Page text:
Elinor Ostrom passed away last week. She was the first, and remains the only, woman to win the Nobel Prize in Economics. Her recognition stands out again due to her training in Political Science and the relative lack of mathematical modelling in her work. Over the last week there has been tons of attention paid to her passing (see here, here, here, here and here), which speaks to either her tremendous influence in the social sciences or the closedness of my intellectual circle — I’ll let the reader decide. I had wanted to write something last week, but wanted to make sure I got the chance to re-read some of her work before.
Ostrom was best known for her research on common-pool resources (CPRs). She positioned herself against the tradition established by Garrett Hardin in 1968 with his extremely influential article “The Tragedy of the Commons.” Hardin, as well as many after him, argued that when individuals face a resource that is both non-excludable (once access is provided to some, it is very difficult to exclude others) and subtractable (an individual’s use of the resource means that another can’t use that same portion of the resource), an incentive exists for individuals to overuse the it (the CPR) and thus deplete it. Scott Gordon’s analysis of a resource’s “maximum sustainable yield” is another, perhaps more sophisticated, analysis of this same problem — where individuals face an individual cost-benefit curve that intersects the maximum sustainable yield curve beyond its sustainable point. The standard economic models that grew out of these analyses argued that overcoming the incentive to overuse and deplete a common resource necessitated outside intervention (ie, the State) and/or instituting well-defined property rights.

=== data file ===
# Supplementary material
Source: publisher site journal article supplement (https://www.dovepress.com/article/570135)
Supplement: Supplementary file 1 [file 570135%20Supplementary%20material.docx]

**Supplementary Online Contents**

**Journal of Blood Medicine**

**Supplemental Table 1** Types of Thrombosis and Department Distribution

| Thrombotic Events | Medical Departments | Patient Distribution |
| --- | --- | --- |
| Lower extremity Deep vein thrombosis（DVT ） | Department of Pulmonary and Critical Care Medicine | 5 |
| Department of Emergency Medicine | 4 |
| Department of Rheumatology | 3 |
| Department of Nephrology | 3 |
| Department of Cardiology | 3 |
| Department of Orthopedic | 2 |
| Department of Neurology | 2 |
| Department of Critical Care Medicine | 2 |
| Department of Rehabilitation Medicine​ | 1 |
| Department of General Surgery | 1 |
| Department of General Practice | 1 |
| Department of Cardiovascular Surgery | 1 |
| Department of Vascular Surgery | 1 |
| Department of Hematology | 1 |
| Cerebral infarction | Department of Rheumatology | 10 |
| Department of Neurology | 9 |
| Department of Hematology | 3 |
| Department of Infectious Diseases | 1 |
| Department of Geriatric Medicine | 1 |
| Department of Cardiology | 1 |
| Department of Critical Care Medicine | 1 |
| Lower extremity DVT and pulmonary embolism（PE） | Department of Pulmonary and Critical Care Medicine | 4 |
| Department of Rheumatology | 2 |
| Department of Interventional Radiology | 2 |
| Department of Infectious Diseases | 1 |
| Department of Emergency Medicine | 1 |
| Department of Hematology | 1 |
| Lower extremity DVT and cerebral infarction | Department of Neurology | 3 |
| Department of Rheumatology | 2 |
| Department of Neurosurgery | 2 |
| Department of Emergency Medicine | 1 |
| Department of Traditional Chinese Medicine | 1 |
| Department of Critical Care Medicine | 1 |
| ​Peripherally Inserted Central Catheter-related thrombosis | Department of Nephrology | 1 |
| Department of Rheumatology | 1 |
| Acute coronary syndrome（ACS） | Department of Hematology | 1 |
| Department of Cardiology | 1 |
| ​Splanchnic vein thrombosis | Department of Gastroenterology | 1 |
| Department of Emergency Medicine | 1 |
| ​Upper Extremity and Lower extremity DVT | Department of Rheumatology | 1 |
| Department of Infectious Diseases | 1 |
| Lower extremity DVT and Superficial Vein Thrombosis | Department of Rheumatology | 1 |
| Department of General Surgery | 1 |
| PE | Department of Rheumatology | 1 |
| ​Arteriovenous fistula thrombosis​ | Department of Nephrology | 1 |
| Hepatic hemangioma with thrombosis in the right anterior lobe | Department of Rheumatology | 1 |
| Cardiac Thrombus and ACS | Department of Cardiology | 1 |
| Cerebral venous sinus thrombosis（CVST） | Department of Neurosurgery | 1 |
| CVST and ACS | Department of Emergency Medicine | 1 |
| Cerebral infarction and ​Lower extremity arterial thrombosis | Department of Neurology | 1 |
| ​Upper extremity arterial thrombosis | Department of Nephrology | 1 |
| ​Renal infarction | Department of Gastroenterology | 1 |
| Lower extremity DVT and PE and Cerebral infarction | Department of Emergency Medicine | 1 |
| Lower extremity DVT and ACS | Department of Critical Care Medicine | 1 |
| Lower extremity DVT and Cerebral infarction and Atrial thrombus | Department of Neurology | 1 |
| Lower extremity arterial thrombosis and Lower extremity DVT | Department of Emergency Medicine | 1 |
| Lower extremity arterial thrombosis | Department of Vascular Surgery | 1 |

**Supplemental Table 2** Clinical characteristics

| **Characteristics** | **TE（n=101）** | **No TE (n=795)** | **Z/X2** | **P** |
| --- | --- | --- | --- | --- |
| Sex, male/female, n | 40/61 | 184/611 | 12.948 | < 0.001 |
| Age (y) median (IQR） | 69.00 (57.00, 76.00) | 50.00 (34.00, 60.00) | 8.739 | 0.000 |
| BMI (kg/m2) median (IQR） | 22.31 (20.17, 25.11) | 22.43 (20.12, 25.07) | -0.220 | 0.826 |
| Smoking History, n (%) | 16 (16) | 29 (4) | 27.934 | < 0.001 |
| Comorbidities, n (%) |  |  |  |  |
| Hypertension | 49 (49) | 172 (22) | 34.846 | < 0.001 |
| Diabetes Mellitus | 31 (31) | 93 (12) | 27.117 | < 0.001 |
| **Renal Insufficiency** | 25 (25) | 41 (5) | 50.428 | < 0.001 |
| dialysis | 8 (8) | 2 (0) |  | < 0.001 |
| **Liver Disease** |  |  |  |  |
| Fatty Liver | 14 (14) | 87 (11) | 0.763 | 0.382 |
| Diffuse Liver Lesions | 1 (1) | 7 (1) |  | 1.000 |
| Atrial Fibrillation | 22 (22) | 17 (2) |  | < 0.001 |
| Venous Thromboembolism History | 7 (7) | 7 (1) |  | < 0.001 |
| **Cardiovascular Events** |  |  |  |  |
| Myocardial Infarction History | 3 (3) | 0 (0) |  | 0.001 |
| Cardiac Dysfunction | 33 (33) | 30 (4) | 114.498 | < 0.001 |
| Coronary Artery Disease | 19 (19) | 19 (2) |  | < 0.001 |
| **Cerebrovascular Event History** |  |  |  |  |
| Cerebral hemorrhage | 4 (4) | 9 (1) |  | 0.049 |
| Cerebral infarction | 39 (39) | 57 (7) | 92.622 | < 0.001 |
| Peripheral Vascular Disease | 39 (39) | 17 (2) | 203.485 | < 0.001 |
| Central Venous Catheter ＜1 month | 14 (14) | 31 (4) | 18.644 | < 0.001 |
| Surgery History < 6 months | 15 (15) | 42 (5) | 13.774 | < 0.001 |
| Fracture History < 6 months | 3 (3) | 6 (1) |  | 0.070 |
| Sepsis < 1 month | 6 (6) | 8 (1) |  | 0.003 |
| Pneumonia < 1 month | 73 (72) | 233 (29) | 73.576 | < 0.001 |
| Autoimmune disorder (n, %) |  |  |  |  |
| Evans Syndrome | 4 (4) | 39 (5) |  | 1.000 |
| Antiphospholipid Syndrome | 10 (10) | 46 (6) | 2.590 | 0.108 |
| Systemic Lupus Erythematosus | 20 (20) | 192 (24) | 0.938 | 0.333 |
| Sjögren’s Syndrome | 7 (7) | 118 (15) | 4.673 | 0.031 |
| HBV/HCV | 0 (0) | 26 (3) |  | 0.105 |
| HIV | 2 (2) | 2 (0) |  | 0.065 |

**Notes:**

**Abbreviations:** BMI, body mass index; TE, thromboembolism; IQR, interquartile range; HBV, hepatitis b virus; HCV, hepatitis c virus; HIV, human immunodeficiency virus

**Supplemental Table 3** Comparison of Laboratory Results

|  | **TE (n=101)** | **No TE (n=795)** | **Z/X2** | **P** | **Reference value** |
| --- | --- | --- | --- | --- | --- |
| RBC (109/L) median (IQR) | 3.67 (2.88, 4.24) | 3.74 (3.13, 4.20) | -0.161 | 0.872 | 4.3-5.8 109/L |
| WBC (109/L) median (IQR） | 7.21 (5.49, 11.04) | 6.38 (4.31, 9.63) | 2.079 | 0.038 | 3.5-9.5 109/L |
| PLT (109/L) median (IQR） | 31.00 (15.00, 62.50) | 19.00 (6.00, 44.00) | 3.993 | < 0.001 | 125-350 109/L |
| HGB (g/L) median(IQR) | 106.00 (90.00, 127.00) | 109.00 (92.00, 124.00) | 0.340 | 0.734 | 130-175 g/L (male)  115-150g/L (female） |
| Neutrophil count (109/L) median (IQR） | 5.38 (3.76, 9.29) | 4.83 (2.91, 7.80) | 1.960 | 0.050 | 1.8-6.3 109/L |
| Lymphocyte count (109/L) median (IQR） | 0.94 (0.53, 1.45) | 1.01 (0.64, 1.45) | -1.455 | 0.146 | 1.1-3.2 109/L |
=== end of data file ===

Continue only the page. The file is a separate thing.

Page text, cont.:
Ostrom’s research challenged this approach towards managing the commons. Ostrom explained how communities around the world have developed a diverse array of institutions, policies, rules, norms and systems to cope with the complex task of managing the commons. Continue reading